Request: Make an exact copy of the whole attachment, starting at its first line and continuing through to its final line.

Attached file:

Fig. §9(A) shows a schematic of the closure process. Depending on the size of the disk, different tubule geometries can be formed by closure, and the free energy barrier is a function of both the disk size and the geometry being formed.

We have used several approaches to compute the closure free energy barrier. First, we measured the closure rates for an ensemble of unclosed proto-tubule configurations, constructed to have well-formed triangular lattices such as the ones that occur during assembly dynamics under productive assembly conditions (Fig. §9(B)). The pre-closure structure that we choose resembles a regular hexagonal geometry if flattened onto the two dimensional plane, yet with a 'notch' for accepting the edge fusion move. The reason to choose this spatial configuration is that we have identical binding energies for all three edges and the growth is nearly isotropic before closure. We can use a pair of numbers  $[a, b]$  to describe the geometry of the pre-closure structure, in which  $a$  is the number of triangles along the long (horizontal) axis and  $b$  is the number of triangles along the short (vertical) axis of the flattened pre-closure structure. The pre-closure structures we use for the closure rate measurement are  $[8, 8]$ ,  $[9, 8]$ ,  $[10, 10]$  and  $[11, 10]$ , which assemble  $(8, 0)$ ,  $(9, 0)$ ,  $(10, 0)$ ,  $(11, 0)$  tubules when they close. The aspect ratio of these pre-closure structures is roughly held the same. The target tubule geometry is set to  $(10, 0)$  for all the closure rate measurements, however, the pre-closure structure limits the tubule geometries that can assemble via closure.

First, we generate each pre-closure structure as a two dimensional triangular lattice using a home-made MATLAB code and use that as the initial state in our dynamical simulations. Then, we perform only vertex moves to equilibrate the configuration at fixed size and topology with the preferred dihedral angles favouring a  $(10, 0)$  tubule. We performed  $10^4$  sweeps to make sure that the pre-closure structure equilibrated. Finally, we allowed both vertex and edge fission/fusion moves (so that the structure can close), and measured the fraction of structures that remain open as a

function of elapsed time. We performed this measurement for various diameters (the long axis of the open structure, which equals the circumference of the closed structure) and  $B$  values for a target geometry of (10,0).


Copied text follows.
Fig. §9(A) shows a schematic of the closure process. Depending on the size of the disk, different tubule geometries can be formed by closure, and the free energy barrier is a function of both the disk size and the geometry being formed.

We have used several approaches to compute the closure free energy barrier. First, we measured the closure rates for an ensemble of unclosed proto-tubule configurations, constructed to have well-formed triangular lattices such as the ones that occur during assembly dynamics under productive assembly conditions (Fig. §9(B)). The pre-closure structure that we choose resembles a regular hexagonal geometry if flattened onto the two dimensional plane, yet with a 'notch' for accepting the edge fusion move. The reason to choose this spatial configuration is that we have identical binding energies for all three edges and the growth is nearly isotropic before closure. We can use a pair of numbers  $[a, b]$  to describe the geometry of the pre-closure structure, in which  $a$  is the number of triangles along the long (horizontal) axis and  $b$  is the number of triangles along the short (vertical) axis of the flattened pre-closure structure. The pre-closure structures we use for the closure rate measurement are  $[8, 8]$ ,  $[9, 8]$ ,  $[10, 10]$  and  $[11, 10]$ , which assemble  $(8, 0)$ ,  $(9, 0)$ ,  $(10, 0)$ ,  $(11, 0)$  tubules when they close. The aspect ratio of these pre-closure structures is roughly held the same. The target tubule geometry is set to  $(10, 0)$  for all the closure rate measurements, however, the pre-closure structure limits the tubule geometries that can assemble via closure.

First, we generate each pre-closure structure as a two dimensional triangular lattice using a home-made MATLAB code and use that as the initial state in our dynamical simulations. Then, we perform only vertex moves to equilibrate the configuration at fixed size and topology with the preferred dihedral angles favouring a  $(10, 0)$  tubule. We performed  $10^4$  sweeps to make sure that the pre-closure structure equilibrated. Finally, we allowed both vertex and edge fission/fusion moves (so that the structure can close), and measured the fraction of structures that remain open as a

function of elapsed time. We performed this measurement for various diameters (the long axis of the open structure, which equals the circumference of the closed structure) and  $B$  values for a target geometry of (10,0).